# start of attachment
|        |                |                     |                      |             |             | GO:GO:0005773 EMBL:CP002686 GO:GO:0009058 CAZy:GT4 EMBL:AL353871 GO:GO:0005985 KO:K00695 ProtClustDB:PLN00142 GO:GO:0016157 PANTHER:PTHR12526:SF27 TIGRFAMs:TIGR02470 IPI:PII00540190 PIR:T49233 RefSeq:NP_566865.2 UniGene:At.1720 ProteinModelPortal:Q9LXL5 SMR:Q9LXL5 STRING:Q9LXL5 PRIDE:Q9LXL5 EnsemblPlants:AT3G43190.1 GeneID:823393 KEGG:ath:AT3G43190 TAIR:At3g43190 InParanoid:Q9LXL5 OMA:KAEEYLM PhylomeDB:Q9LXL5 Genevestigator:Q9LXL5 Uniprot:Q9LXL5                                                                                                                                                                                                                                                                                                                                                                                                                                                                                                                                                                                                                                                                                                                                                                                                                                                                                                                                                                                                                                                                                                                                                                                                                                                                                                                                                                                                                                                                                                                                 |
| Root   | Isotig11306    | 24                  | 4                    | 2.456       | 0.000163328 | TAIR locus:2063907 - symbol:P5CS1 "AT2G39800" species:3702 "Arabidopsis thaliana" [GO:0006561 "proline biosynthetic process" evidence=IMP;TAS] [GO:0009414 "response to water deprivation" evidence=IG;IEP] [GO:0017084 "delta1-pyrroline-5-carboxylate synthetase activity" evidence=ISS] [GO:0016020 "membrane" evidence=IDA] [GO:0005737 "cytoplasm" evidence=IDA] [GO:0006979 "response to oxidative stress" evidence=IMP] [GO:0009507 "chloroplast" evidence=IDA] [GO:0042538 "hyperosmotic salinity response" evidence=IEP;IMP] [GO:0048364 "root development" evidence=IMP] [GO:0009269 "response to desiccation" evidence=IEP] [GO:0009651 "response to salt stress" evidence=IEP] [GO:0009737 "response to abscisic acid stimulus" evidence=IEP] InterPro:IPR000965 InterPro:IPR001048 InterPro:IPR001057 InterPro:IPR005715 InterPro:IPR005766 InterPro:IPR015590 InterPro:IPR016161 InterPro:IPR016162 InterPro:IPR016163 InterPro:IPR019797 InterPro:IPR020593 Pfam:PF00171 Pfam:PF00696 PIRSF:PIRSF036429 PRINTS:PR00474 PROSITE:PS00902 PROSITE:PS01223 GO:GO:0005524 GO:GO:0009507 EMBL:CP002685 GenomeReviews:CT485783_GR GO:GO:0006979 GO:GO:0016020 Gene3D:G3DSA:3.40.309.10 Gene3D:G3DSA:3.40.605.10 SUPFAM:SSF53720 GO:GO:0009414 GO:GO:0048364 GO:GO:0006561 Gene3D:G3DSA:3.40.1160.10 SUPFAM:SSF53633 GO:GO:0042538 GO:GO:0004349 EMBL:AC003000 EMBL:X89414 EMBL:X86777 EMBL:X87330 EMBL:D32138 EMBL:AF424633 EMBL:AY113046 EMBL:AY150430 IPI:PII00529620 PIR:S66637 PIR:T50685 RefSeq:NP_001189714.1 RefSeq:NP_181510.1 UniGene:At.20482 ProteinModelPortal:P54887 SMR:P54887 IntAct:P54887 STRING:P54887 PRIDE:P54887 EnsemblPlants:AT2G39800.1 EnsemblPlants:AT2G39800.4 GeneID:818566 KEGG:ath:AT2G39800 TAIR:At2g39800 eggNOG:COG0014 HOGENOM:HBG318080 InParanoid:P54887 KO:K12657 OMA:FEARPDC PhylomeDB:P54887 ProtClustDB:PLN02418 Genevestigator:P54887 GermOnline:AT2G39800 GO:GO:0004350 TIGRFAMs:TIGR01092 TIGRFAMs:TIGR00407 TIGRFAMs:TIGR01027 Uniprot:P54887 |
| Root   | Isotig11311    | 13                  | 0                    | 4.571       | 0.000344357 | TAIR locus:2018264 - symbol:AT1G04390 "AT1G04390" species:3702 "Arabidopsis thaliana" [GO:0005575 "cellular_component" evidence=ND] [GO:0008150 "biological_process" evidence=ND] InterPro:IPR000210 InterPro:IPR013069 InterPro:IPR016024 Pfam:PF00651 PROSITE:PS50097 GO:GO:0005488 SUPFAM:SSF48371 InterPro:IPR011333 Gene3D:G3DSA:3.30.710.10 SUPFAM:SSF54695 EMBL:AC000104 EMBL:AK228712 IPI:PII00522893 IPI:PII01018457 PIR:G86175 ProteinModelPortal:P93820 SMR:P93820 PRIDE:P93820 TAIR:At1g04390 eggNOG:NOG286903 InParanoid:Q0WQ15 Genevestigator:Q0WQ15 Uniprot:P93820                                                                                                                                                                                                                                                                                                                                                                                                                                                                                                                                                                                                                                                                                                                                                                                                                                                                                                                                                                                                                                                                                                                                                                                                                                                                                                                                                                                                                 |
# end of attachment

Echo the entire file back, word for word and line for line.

|        |                |                     |                      |             |             | GO:GO:0005773 EMBL:CP002686 GO:GO:0009058 CAZy:GT4 EMBL:AL353871 GO:GO:0005985 KO:K00695 ProtClustDB:PLN00142 GO:GO:0016157 PANTHER:PTHR12526:SF27 TIGRFAMs:TIGR02470 IPI:PII00540190 PIR:T49233 RefSeq:NP_566865.2 UniGene:At.1720 ProteinModelPortal:Q9LXL5 SMR:Q9LXL5 STRING:Q9LXL5 PRIDE:Q9LXL5 EnsemblPlants:AT3G43190.1 GeneID:823393 KEGG:ath:AT3G43190 TAIR:At3g43190 InParanoid:Q9LXL5 OMA:KAEEYLM PhylomeDB:Q9LXL5 Genevestigator:Q9LXL5 Uniprot:Q9LXL5                                                                                                                                                                                                                                                                                                                                                                                                                                                                                                                                                                                                                                                                                                                                                                                                                                                                                                                                                                                                                                                                                                                                                                                                                                                                                                                                                                                                                                                                                                                                 |
| Root   | Isotig11306    | 24                  | 4                    | 2.456       | 0.000163328 | TAIR locus:2063907 - symbol:P5CS1 "AT2G39800" species:3702 "Arabidopsis thaliana" [GO:0006561 "proline biosynthetic process" evidence=IMP;TAS] [GO:0009414 "response to water deprivation" evidence=IG;IEP] [GO:0017084 "delta1-pyrroline-5-carboxylate synthetase activity" evidence=ISS] [GO:0016020 "membrane" evidence=IDA] [GO:0005737 "cytoplasm" evidence=IDA] [GO:0006979 "response to oxidative stress" evidence=IMP] [GO:0009507 "chloroplast" evidence=IDA] [GO:0042538 "hyperosmotic salinity response" evidence=IEP;IMP] [GO:0048364 "root development" evidence=IMP] [GO:0009269 "response to desiccation" evidence=IEP] [GO:0009651 "response to salt stress" evidence=IEP] [GO:0009737 "response to abscisic acid stimulus" evidence=IEP] InterPro:IPR000965 InterPro:IPR001048 InterPro:IPR001057 InterPro:IPR005715 InterPro:IPR005766 InterPro:IPR015590 InterPro:IPR016161 InterPro:IPR016162 InterPro:IPR016163 InterPro:IPR019797 InterPro:IPR020593 Pfam:PF00171 Pfam:PF00696 PIRSF:PIRSF036429 PRINTS:PR00474 PROSITE:PS00902 PROSITE:PS01223 GO:GO:0005524 GO:GO:0009507 EMBL:CP002685 GenomeReviews:CT485783_GR GO:GO:0006979 GO:GO:0016020 Gene3D:G3DSA:3.40.309.10 Gene3D:G3DSA:3.40.605.10 SUPFAM:SSF53720 GO:GO:0009414 GO:GO:0048364 GO:GO:0006561 Gene3D:G3DSA:3.40.1160.10 SUPFAM:SSF53633 GO:GO:0042538 GO:GO:0004349 EMBL:AC003000 EMBL:X89414 EMBL:X86777 EMBL:X87330 EMBL:D32138 EMBL:AF424633 EMBL:AY113046 EMBL:AY150430 IPI:PII00529620 PIR:S66637 PIR:T50685 RefSeq:NP_001189714.1 RefSeq:NP_181510.1 UniGene:At.20482 ProteinModelPortal:P54887 SMR:P54887 IntAct:P54887 STRING:P54887 PRIDE:P54887 EnsemblPlants:AT2G39800.1 EnsemblPlants:AT2G39800.4 GeneID:818566 KEGG:ath:AT2G39800 TAIR:At2g39800 eggNOG:COG0014 HOGENOM:HBG318080 InParanoid:P54887 KO:K12657 OMA:FEARPDC PhylomeDB:P54887 ProtClustDB:PLN02418 Genevestigator:P54887 GermOnline:AT2G39800 GO:GO:0004350 TIGRFAMs:TIGR01092 TIGRFAMs:TIGR00407 TIGRFAMs:TIGR01027 Uniprot:P54887 |
| Root   | Isotig11311    | 13                  | 0                    | 4.571       | 0.000344357 | TAIR locus:2018264 - symbol:AT1G04390 "AT1G04390" species:3702 "Arabidopsis thaliana" [GO:0005575 "cellular_component" evidence=ND] [GO:0008150 "biological_process" evidence=ND] InterPro:IPR000210 InterPro:IPR013069 InterPro:IPR016024 Pfam:PF00651 PROSITE:PS50097 GO:GO:0005488 SUPFAM:SSF48371 InterPro:IPR011333 Gene3D:G3DSA:3.30.710.10 SUPFAM:SSF54695 EMBL:AC000104 EMBL:AK228712 IPI:PII00522893 IPI:PII01018457 PIR:G86175 ProteinModelPortal:P93820 SMR:P93820 PRIDE:P93820 TAIR:At1g04390 eggNOG:NOG286903 InParanoid:Q0WQ15 Genevestigator:Q0WQ15 Uniprot:P93820                                                                                                                                                                                                                                                                                                                                                                                                                                                                                                                                                                                                                                                                                                                                                                                                                                                                                                                                                                                                                                                                                                                                                                                                                                                                                                                                                                                                                 |